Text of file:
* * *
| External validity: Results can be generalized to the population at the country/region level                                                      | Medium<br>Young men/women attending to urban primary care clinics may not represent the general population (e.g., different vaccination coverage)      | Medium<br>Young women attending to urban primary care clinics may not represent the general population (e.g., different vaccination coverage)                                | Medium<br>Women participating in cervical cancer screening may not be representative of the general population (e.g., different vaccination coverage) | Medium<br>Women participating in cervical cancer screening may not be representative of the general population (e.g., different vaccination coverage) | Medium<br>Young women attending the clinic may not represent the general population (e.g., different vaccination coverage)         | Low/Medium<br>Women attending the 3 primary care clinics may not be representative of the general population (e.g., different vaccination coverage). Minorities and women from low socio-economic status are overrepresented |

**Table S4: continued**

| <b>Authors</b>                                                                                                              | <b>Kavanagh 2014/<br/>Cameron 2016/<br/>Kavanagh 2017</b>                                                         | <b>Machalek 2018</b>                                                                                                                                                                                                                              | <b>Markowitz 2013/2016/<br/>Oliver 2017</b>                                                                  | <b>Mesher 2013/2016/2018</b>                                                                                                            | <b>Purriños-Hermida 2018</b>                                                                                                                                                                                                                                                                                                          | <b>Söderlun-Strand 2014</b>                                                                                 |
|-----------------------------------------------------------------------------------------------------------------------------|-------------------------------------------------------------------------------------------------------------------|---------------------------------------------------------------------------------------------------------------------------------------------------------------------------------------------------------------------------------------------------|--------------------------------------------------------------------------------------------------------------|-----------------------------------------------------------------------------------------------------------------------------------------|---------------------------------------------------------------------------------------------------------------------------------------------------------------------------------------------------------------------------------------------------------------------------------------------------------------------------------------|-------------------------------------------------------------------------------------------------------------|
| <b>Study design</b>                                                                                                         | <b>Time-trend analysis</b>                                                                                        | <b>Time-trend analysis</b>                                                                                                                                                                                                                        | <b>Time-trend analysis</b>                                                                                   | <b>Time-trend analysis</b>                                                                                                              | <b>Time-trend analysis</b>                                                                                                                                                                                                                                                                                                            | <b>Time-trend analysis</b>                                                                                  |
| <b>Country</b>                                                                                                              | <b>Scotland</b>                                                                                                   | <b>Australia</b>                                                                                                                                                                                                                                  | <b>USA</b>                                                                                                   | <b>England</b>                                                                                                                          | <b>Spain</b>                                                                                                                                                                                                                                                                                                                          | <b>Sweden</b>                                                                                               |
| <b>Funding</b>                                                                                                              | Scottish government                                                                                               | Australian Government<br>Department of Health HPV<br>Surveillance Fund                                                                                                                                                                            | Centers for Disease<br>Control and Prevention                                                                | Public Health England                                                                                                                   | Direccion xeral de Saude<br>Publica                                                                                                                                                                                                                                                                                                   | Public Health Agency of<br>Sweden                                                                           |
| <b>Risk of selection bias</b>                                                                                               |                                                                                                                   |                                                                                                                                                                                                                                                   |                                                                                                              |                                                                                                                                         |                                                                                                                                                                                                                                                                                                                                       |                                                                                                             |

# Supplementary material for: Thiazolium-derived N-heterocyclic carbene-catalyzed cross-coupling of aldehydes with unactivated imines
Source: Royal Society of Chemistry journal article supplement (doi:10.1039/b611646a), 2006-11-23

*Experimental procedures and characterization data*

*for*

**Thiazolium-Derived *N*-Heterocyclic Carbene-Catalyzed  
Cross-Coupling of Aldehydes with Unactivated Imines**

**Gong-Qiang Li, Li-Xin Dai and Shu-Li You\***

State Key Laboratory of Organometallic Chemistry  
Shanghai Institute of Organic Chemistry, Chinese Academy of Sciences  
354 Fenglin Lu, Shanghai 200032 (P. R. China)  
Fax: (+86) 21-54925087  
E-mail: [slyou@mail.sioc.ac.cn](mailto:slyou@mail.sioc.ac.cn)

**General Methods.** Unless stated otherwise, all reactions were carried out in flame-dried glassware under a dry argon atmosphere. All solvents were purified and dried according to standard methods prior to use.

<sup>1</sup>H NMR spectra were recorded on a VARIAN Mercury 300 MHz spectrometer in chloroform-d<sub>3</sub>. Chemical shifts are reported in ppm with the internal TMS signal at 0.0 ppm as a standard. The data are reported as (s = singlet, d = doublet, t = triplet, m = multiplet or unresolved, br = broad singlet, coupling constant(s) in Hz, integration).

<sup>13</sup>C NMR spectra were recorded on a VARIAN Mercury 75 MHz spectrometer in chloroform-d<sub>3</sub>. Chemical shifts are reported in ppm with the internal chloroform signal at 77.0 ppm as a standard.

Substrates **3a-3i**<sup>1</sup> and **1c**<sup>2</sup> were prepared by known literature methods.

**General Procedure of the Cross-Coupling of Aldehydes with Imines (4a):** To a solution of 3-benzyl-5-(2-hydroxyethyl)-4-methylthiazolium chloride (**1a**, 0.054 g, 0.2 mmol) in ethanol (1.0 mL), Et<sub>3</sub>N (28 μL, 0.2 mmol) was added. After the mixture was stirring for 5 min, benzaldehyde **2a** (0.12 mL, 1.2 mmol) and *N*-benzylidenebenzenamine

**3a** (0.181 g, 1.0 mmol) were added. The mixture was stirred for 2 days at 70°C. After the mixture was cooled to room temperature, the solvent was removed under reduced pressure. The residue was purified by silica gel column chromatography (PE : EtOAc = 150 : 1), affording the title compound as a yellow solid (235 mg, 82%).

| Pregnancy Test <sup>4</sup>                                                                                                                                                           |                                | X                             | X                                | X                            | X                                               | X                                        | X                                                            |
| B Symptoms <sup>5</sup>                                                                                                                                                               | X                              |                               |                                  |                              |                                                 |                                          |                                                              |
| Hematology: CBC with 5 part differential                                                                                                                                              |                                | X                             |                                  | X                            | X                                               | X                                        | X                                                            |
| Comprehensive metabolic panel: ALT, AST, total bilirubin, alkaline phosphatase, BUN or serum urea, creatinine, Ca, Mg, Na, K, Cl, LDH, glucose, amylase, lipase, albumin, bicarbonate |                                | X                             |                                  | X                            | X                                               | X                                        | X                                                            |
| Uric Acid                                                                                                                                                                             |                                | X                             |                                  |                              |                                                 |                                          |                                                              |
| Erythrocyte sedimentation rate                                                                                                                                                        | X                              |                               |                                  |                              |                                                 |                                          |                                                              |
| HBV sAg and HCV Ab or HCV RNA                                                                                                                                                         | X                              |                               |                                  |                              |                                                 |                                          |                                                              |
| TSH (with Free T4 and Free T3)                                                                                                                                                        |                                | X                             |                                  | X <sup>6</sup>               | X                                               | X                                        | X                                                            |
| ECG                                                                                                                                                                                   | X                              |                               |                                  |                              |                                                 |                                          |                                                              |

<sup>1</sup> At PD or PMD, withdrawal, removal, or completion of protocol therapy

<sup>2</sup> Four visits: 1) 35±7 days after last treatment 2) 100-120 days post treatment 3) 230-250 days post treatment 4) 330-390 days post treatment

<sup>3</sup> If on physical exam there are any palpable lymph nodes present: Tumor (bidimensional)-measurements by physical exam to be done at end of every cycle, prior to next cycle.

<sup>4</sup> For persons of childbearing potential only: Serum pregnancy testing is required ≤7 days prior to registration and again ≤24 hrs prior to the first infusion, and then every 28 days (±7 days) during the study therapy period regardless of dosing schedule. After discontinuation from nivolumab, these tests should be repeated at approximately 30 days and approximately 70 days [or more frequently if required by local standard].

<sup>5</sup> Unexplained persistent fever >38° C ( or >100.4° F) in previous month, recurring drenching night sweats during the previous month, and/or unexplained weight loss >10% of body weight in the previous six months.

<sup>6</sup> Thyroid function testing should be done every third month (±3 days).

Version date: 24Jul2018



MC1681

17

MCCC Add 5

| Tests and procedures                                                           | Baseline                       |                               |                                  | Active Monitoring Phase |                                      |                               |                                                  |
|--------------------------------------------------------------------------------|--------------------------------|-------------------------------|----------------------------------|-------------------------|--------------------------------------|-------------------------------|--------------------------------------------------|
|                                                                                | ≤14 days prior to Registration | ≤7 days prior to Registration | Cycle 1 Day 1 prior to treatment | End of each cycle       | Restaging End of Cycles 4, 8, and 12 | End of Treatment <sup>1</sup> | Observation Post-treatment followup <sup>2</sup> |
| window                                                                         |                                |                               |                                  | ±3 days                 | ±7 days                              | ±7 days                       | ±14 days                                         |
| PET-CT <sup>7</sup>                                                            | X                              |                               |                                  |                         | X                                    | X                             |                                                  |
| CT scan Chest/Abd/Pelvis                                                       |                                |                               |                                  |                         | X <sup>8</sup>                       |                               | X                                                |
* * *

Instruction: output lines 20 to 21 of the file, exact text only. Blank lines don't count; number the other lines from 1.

E-mail: [slyou@mail.sioc.ac.cn](mailto:slyou@mail.sioc.ac.cn)

**General Methods.** Unless stated otherwise, all reactions were carried out in flame-dried glassware under a dry argon atmosphere. All solvents were purified and dried according to standard methods prior to use.